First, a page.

The drumhead service was a impressive display of military ceremony and formal Establishment type worship, diplomatically put together. The chaplain general preached and said all the expected things, although it was notable that he emphasised the importance of the moral struggle, and higher values in the complex scenarios presented to modern soldiery. The Colonel also spoke very well. It was a bit like having two sermons. All the soldiers of the regiments were there, plus families and friends and members of veterans associations. A real family gathering, followed by a bun fight and beer for the troops in City Hall.

After the service, I made my way home, and finished my preparation for a short PCC meeting later on. Then it was back down to City Hall for a Conservation Advisory Group meeting at 6.15 in a committee room, with the background sound of revelling squaddies finishing off their little tea party. There’s was lots on the agenda but we got through it all in just and hour, which meant I was able to get up to Saint Michael’s for the Parish Ash Wednesday Eucharist and Ashing ceremony in good time.

The heating hadn’t switched on, the church was cold, so worship had a brisk pace about it – just as well with a PCC meeting to finish the day. We gave ourselves half an hour, and dealt with just one item of business properly, and I was home by ten past nine, finally to eat my evening meal cold.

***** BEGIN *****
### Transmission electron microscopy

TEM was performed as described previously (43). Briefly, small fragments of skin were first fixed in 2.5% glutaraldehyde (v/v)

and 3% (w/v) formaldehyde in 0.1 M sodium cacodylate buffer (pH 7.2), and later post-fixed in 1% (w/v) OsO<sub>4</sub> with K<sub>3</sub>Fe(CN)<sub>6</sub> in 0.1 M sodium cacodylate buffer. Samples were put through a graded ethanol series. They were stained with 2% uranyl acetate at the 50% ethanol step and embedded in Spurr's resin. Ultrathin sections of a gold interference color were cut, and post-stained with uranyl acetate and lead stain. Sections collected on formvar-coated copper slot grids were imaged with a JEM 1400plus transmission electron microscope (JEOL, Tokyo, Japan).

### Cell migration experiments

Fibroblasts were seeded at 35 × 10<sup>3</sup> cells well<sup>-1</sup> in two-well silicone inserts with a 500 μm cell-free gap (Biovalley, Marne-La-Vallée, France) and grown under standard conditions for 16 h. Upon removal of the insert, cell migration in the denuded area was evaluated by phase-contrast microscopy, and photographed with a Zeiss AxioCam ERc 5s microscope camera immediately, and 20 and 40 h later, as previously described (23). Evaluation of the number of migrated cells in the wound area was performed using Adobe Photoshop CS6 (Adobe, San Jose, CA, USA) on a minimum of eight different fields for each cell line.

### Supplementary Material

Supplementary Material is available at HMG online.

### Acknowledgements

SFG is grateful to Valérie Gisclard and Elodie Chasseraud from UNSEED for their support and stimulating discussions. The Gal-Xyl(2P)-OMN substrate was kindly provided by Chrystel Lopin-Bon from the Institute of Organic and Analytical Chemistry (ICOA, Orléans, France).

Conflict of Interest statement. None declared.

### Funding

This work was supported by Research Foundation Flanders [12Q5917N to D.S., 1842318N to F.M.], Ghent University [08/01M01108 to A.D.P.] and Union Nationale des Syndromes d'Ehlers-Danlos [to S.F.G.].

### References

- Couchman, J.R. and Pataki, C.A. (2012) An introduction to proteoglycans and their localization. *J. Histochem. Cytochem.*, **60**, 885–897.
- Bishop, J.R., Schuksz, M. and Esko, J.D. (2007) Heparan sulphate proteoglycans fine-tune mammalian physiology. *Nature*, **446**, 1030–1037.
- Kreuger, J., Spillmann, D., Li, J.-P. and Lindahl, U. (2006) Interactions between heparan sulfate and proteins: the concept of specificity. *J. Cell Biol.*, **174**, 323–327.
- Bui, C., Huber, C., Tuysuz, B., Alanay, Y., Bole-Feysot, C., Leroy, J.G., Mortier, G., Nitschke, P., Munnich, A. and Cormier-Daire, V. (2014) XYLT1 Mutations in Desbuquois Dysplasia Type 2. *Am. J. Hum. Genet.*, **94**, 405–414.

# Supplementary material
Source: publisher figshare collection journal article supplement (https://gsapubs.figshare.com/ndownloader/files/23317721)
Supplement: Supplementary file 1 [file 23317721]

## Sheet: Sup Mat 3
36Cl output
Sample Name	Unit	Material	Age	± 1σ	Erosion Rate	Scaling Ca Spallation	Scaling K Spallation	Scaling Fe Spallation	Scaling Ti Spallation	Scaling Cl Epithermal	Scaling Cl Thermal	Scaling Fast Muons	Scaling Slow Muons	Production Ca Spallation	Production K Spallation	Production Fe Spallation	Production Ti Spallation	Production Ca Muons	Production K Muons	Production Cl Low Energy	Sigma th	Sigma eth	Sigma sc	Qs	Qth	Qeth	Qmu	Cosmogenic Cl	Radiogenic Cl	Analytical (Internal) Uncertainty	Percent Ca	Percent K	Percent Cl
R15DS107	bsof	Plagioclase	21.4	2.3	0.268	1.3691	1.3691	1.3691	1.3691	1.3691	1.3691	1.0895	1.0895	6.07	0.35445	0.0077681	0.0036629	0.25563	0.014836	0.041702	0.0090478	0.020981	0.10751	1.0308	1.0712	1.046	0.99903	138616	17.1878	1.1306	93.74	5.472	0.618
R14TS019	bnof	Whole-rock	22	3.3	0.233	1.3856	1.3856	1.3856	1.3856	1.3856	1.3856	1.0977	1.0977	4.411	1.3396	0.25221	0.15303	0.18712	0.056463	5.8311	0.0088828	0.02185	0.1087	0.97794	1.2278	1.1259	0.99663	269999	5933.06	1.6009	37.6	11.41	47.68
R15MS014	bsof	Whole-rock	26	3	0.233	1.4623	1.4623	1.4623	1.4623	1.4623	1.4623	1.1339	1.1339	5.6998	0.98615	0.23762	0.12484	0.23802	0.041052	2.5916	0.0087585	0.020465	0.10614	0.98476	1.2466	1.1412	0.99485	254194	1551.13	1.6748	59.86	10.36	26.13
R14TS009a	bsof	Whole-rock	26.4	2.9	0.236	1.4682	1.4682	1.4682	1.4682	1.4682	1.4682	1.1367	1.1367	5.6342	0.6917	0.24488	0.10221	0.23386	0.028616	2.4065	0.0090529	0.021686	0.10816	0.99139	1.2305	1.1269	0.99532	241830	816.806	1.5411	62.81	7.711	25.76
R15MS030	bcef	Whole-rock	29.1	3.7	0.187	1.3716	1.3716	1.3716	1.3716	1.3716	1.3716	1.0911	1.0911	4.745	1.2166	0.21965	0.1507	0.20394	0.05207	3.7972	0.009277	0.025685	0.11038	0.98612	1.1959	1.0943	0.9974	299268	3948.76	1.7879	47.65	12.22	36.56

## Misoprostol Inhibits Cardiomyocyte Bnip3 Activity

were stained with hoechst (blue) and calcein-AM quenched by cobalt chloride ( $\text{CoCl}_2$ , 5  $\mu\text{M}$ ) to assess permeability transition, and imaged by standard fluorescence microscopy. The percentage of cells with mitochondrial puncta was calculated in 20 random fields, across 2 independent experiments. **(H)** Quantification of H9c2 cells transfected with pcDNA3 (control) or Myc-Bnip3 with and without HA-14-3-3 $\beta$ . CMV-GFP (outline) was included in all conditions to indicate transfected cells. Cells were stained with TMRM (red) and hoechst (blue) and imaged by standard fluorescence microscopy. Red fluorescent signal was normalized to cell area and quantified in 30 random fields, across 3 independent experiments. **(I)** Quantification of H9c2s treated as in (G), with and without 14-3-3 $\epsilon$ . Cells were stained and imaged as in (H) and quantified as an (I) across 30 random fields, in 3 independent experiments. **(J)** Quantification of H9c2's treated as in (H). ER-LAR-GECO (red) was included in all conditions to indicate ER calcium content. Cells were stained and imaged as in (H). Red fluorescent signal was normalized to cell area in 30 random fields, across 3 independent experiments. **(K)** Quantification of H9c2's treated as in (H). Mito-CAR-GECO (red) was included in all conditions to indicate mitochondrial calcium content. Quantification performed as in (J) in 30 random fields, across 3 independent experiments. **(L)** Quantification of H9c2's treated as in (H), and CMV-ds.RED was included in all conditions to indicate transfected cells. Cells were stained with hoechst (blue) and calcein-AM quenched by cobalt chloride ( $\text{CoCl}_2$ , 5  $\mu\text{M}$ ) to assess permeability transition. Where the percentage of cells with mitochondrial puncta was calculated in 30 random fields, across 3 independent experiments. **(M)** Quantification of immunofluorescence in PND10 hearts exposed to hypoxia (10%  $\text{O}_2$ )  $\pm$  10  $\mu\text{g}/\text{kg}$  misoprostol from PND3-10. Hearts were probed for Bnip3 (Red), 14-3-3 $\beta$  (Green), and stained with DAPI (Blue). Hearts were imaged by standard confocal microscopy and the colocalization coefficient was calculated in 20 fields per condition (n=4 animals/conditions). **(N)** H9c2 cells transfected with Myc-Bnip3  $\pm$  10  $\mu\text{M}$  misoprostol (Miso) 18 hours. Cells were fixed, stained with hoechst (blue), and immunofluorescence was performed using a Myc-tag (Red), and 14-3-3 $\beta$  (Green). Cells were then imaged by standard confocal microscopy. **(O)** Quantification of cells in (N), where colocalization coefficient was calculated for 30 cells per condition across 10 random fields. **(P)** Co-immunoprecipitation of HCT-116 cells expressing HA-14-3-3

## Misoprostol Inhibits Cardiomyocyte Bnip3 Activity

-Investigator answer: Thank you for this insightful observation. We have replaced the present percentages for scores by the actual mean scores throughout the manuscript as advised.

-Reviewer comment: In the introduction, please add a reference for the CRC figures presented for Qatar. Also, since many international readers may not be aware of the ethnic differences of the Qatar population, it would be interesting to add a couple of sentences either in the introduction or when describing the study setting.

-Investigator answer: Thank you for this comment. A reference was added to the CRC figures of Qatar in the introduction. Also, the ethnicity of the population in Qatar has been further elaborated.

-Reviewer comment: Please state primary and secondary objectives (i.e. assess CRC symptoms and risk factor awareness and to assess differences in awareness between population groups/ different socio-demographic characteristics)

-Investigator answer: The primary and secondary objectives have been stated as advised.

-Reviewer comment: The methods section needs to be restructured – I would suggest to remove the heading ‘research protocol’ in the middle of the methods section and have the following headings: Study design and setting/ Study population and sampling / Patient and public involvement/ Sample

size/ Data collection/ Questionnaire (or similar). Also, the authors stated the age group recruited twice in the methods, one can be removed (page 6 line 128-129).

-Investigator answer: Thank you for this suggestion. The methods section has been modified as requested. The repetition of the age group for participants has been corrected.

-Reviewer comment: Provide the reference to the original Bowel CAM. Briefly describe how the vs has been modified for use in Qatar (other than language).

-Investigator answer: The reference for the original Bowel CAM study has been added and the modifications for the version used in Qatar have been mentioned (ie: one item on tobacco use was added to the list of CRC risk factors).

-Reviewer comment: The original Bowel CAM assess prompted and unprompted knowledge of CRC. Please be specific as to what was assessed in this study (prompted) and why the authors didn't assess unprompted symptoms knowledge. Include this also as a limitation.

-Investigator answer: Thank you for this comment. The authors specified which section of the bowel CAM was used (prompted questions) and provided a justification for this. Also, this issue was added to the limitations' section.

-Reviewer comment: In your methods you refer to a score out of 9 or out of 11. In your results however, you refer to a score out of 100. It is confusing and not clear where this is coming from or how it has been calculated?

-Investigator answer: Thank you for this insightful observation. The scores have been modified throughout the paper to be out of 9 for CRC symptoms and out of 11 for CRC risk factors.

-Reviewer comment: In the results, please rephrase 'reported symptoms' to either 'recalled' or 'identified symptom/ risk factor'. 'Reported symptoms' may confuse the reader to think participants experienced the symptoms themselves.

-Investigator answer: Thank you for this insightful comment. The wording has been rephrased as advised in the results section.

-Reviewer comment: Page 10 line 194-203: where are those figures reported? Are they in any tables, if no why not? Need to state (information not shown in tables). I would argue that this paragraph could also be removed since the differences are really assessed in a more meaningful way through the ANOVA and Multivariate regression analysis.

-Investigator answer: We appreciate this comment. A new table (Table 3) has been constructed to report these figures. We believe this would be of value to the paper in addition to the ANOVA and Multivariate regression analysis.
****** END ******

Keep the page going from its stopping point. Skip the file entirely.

An unusually full day, capped by the pleasure of a full page of pictures and story about the restoration of several stained glass windows at St John’s, which have been boarded up due to vandalism since last June. Haskins’ the glaziers from Kingswood, Bristol took a couple of buckets loads of glass fragments away in the middle of last June, and eight months later, here they are again, good as new. What skill! The first window was re-installed last Thursday, and the second on Tuesday. Monday evening I phoned Lauren Turner at the South Wales Echo, who did a good report on the vandalism, and told her the good news. She did an excellent job, not only celebrating the glazier’s art and craft, but plugging the fact that we are now fundraising for new window guards.